When I improvise I do not consciously think about the duality of a note as a time duration (discreet and part of a larger repeating whole). However I absolutely have to manipulate time, consciously and/or unconsciously as both things.

I think that duality is at the heart of choices about phrasing, for instance. You have to feel a note as a discreet duration, an almost word-like gesture. But you also have to feel it in relation to a pulse, even if there is no pulse, or you are trying to erase any implied pulse--it's still in reference. One does not have to consciously think in terms of fractions to do any of that. However, learning to read notation, and practicing manipulating that duality (playing behind, on, or in front of the beat for instance) can often increase one's control over it.

Finally, analyzing, generalizing and theorizing about that same duality can open up new options, or allow the translation of one dynamic application (actual playing) from one musical context to another.  In that sense theory is both a stimulus to new ideas and means of translating an idea for different contexts. I think theory plays those roles in most disciplines--a generalization that makes possible the prediction of as yet unknown dynamics. 

Me: The problem with using music notation to teach fractions is precisely what you just explained.  The written notation is the quantity, and the actual musicality/music playing is the quality.  What people don't get about mathematics is that 1) it’s not just about the notation (same for music) and 2) it's really about the quality of the quantities.  If you focus just on "how much" you get a dead language or, at the very least, information devoid of meaning. Which is why so many people hate math – for many reasons, and I’m speaking very generally, math education has essentially been bleached of its meaning.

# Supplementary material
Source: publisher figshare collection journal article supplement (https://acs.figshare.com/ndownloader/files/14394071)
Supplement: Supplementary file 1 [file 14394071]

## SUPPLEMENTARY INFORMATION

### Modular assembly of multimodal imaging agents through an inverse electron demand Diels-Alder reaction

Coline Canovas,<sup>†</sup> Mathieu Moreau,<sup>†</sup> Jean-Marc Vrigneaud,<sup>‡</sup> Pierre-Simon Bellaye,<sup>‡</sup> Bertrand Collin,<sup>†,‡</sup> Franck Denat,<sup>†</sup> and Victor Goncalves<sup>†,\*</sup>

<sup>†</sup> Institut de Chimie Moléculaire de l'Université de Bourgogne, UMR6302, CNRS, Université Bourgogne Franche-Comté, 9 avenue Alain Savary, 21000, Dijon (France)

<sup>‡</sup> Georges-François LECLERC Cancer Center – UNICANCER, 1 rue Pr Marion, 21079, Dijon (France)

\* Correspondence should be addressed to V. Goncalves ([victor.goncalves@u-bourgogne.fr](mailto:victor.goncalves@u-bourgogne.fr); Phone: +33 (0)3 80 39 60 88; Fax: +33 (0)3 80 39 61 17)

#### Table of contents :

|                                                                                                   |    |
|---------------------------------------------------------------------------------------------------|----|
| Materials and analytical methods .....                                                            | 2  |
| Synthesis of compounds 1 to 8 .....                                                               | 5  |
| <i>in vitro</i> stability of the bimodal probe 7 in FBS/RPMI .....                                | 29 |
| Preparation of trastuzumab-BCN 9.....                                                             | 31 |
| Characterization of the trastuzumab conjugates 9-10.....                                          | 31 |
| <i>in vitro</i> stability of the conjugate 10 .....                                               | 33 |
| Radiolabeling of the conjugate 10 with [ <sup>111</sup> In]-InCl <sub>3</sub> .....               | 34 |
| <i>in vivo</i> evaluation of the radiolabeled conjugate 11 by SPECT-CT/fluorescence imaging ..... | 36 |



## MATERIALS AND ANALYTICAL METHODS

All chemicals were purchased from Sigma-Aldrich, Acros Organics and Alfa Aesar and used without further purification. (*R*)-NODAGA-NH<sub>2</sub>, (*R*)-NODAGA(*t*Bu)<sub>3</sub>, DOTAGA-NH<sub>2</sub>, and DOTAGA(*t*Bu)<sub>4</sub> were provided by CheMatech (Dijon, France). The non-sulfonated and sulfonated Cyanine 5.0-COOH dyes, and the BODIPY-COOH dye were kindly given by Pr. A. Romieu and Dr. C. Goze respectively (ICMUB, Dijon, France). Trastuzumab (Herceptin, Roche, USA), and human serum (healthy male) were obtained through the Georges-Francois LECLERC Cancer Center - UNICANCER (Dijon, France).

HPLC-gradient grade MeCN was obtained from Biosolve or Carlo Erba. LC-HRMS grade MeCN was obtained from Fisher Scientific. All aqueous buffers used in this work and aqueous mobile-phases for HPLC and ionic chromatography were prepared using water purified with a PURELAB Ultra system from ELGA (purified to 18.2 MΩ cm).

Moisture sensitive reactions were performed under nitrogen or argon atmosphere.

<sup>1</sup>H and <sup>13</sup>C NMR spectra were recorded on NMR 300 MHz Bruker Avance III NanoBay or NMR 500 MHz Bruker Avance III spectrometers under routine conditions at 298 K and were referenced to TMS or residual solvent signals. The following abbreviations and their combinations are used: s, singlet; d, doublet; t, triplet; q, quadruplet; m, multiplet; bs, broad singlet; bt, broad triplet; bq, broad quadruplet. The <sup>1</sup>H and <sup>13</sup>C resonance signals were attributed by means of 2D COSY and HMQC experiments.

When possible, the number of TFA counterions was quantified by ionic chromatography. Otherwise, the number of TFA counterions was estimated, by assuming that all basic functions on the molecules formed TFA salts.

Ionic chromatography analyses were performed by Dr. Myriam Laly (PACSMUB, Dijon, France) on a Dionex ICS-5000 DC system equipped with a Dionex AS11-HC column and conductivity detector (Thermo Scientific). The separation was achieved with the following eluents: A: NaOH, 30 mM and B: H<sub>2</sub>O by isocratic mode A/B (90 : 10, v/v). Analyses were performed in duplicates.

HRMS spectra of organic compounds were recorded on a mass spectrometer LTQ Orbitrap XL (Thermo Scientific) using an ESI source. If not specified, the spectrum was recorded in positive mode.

Nick: I’m actually not that interested in the idea of using musical notation to teach fractions. That seems boring and highly inefficient. What I am interested in, and I think kids might be as well, is working with music and fractional ideas at the same time to make interesting things. Perhaps those things would be musical, perhaps mathematical, perhaps visual, perhaps both.   Undoubtedly one would learn various things in doing such work, but I think it is the making that is what is appealing to me (and perhaps students) and that any real insights and learning depend on the impulse to explore in order to make. 
 To sum things up, Nick’s thinking about the nature of a mathematical idea (in this case fractions) in relation to his art form is exactly the kind of thinking process I engaged in to find a meaningful overlap between math and percussive dance in Math in Your Feet. It is also a perfect example of how it is possible to teach parts of math starting with your own experiences inside another discipline.  

Where to go next? One of the best music, math and movement resources I’ve run across is from Ellen Booth Church. The activities described in this article describe perfectly how the core concepts of mathematical activity can be connected to musical and movement activity.  Ellen is an early childhood specialist, so her ideas are based on that age group and applicable up to about grade 2, but I think this is the perfect starting place for anyone interested in making these kinds of connections in their own classrooms.